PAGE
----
Dietary & Vitamin Supplements:
Public interest in vitamins and minerals for health has never been higher. Evidence continues to grow that certain supplements can improve health and possibly even prevent cardiovascular disease, cancer, and the bone disorder osteoporosis.
According to recent surveys, 18-40 percent of North Americans report that they take vitamin and mineral supplements as part of their routine health regime. In the US between 1994 and 2010, sales of supplements grew by nearly 80 percent, from $10.8 billion to an estimated $18.7 billion!
Types of supplements
In 1994, the Dietary Supplement Health and Education Act (DSHEA) was passed in the US, defining a dietary supplement as a product that is taken orally and contains a dietary ingredient, such as a vitamin or a mineral. Other ingredients include herbs, botanicals, amino acids, enzymes, and fish oils. They can be extracts or concentrates of the particular ingredient and my be available as capsules, tablets, gel caps, liquids, or powders.
Despite the form of the supplement, the DSHEA classifies supplements under the category of food, not medication, and it is important for companies to label their products accordingly. Unfortunately, this gives rise to a situation in which the buyer is at risk of purchasing supplements that have absolutely no benefit, such as shark cartilage, or that are potentially harmful, such as the herb ephedra.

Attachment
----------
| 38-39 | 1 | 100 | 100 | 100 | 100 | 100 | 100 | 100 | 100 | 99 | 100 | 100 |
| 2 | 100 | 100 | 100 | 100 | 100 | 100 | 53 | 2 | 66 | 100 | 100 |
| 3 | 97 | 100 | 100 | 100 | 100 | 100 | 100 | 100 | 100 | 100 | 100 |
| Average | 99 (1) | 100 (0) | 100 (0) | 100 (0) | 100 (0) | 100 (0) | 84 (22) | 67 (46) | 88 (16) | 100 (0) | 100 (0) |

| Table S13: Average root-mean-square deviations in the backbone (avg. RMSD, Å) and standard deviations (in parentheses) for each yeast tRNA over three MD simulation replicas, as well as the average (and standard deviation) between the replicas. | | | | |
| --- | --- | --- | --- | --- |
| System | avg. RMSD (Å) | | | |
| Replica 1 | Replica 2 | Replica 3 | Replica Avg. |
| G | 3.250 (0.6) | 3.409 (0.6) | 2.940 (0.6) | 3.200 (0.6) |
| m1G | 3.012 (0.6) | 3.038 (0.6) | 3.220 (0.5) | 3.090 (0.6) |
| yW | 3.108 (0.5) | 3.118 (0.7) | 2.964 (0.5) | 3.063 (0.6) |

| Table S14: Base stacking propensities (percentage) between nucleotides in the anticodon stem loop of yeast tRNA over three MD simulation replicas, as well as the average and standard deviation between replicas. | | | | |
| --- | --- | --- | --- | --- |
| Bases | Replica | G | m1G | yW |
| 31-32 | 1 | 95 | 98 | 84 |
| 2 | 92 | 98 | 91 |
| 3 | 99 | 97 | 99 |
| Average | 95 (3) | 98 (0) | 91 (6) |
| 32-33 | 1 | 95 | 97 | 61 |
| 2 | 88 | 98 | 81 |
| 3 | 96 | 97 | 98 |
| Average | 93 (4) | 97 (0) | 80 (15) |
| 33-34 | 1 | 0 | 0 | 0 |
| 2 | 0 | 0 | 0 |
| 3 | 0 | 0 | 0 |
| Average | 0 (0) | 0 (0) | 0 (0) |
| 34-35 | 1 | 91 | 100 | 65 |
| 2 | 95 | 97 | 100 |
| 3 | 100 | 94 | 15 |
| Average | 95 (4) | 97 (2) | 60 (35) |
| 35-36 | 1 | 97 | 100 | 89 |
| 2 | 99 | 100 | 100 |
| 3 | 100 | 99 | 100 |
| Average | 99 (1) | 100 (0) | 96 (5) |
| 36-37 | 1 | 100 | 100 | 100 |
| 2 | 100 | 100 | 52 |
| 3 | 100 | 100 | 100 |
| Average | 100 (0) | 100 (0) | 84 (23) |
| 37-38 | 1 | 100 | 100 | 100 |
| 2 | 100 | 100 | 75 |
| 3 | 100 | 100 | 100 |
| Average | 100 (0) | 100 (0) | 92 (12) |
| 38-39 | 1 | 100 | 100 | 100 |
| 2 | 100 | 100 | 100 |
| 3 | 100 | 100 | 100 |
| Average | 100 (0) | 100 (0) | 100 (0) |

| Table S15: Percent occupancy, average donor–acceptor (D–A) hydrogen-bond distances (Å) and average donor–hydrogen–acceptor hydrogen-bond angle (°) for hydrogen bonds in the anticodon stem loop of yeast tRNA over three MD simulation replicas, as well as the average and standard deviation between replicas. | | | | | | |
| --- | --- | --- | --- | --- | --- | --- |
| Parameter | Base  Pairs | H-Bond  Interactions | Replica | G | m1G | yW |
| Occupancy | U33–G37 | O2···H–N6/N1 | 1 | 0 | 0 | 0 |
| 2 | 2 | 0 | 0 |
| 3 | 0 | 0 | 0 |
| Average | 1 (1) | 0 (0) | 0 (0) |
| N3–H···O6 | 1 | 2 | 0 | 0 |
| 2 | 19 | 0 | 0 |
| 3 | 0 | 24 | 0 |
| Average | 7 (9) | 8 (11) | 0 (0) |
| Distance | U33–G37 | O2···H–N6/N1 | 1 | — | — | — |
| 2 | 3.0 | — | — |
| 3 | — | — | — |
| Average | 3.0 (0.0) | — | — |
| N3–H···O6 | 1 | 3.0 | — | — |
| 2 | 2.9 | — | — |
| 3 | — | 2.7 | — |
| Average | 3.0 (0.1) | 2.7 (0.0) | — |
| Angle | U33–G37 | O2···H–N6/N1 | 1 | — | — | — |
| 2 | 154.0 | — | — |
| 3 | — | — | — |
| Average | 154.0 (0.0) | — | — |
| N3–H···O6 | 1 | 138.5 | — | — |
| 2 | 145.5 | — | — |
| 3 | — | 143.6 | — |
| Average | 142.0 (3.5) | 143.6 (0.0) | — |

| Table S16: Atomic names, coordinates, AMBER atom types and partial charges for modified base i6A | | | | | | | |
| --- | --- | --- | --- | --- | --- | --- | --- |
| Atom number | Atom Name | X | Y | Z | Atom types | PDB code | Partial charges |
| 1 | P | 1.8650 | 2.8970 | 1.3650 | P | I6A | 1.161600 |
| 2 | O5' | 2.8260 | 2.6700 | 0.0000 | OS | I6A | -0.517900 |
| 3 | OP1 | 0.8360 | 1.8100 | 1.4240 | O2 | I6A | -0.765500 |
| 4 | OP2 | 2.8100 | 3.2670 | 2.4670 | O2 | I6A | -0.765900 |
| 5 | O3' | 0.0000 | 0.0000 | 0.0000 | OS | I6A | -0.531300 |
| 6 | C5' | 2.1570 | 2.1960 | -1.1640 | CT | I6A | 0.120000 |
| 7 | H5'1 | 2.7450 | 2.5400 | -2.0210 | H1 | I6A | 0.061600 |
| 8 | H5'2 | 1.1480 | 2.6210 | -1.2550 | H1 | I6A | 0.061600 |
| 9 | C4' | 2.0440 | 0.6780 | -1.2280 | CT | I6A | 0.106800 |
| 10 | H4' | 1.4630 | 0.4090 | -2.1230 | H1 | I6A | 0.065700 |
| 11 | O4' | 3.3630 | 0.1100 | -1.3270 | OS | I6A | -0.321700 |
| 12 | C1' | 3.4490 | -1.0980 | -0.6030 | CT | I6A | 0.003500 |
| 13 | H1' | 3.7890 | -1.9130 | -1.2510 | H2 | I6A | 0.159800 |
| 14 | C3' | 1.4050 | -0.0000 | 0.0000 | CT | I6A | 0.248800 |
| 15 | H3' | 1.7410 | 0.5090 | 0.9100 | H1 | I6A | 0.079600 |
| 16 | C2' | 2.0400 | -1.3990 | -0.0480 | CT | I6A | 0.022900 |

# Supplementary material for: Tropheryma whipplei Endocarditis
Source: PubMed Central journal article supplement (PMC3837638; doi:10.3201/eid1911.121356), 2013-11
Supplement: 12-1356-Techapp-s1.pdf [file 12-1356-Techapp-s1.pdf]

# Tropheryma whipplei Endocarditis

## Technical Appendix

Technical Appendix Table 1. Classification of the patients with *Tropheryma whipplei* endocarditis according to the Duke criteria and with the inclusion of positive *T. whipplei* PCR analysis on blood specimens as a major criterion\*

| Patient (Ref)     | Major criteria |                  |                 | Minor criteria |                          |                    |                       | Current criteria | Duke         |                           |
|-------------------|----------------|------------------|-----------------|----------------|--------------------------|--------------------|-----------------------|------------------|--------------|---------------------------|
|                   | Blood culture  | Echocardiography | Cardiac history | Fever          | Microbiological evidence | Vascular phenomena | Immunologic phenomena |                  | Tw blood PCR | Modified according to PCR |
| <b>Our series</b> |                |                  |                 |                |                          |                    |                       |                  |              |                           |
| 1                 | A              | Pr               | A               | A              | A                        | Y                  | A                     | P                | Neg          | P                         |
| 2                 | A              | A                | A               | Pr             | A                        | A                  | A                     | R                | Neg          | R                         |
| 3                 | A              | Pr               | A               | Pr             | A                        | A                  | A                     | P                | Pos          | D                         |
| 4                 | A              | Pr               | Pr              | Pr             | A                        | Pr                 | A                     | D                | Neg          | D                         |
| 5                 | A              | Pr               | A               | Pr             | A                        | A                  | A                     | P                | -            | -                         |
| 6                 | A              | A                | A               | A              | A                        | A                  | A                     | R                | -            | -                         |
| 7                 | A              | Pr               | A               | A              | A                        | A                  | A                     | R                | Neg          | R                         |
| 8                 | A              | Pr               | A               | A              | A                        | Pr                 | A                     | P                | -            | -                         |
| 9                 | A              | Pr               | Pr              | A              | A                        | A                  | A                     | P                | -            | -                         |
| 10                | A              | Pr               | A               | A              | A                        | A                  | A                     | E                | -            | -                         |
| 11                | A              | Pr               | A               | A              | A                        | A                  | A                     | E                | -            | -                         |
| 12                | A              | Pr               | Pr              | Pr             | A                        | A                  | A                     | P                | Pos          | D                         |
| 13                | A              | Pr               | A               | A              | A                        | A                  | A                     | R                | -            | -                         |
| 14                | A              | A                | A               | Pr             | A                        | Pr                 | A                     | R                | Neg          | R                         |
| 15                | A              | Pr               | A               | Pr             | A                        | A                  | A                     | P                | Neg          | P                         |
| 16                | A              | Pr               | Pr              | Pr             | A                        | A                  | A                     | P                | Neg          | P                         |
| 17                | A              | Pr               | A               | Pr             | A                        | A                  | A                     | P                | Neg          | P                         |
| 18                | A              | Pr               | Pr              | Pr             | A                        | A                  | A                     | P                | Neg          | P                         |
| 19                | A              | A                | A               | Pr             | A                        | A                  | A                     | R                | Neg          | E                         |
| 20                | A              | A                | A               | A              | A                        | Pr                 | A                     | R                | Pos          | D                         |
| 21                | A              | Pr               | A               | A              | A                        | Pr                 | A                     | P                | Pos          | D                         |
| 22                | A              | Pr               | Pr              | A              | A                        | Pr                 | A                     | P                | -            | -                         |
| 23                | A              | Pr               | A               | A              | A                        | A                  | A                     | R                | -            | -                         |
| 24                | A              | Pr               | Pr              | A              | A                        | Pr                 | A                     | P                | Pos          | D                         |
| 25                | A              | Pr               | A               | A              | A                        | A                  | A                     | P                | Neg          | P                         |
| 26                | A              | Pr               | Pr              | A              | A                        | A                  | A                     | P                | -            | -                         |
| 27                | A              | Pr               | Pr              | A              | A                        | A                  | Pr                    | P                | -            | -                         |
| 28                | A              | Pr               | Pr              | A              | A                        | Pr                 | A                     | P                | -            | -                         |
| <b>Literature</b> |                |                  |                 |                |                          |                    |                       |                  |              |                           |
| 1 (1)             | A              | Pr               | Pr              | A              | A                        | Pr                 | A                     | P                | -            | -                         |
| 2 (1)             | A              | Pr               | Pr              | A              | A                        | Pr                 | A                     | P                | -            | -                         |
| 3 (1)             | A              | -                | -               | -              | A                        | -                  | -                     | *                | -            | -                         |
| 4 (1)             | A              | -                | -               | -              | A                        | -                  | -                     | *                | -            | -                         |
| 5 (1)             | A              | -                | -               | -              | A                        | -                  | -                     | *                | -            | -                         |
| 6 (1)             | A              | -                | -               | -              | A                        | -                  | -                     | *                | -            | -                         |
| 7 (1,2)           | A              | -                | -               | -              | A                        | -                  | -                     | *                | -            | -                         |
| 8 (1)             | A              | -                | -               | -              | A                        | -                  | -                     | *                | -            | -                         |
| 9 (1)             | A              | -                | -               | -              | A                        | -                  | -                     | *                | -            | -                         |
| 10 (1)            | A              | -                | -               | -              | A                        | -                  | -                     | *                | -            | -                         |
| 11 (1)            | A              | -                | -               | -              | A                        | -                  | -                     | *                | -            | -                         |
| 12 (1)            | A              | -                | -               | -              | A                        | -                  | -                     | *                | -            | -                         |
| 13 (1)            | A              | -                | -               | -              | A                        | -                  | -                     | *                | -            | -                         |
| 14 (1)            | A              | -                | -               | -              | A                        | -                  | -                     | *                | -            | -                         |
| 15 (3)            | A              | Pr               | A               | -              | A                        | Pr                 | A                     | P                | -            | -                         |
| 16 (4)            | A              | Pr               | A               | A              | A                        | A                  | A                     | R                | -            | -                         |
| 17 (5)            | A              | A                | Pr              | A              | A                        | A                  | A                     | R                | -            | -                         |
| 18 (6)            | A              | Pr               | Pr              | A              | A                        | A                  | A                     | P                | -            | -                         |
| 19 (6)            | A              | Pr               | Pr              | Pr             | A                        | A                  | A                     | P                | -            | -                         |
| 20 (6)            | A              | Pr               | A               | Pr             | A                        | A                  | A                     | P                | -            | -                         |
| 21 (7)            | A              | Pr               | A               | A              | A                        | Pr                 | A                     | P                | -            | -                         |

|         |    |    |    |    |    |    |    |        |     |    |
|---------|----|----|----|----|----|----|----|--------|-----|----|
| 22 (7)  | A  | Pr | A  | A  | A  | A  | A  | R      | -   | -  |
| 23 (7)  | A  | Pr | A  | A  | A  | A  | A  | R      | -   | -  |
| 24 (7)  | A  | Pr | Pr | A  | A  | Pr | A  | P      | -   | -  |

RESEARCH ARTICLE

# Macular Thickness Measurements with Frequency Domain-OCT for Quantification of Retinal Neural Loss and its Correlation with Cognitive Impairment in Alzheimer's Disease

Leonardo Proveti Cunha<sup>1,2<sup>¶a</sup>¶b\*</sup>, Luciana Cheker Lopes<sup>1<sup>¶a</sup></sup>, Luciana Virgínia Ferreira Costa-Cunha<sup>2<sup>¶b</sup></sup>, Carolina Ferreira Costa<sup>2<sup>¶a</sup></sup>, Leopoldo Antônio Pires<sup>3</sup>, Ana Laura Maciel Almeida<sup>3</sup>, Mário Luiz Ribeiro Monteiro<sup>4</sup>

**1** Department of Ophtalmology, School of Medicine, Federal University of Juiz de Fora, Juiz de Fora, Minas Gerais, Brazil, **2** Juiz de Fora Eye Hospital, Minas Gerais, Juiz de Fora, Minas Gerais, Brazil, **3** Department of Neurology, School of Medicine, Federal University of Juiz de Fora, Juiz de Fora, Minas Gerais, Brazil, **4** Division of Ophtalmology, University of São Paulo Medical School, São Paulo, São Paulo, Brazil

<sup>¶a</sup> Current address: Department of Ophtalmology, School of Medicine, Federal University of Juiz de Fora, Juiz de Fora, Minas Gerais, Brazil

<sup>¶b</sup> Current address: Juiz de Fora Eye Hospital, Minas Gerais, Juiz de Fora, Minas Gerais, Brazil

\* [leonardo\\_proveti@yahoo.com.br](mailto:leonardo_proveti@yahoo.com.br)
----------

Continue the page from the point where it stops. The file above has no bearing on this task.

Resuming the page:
Can you take too much?
Harmful effects of vitamins and minerals usually result from taking too much, misusing supplements, or dosage errors. If you are taking large doses of vitamins or minerals, your doctor should be closely monitoring you. The fat-soluble vitamins – vitamin A, D, E, and K – are stored in the liver, and if they are taken in excess may build up to harmful levels more quickly compared to the water-soluble vitamins – the B vitamins and vitamin C.
If you take a supplement, select a sensible one with the levels of nutrients recognized as safe and avoid going over the tolerable upper limit.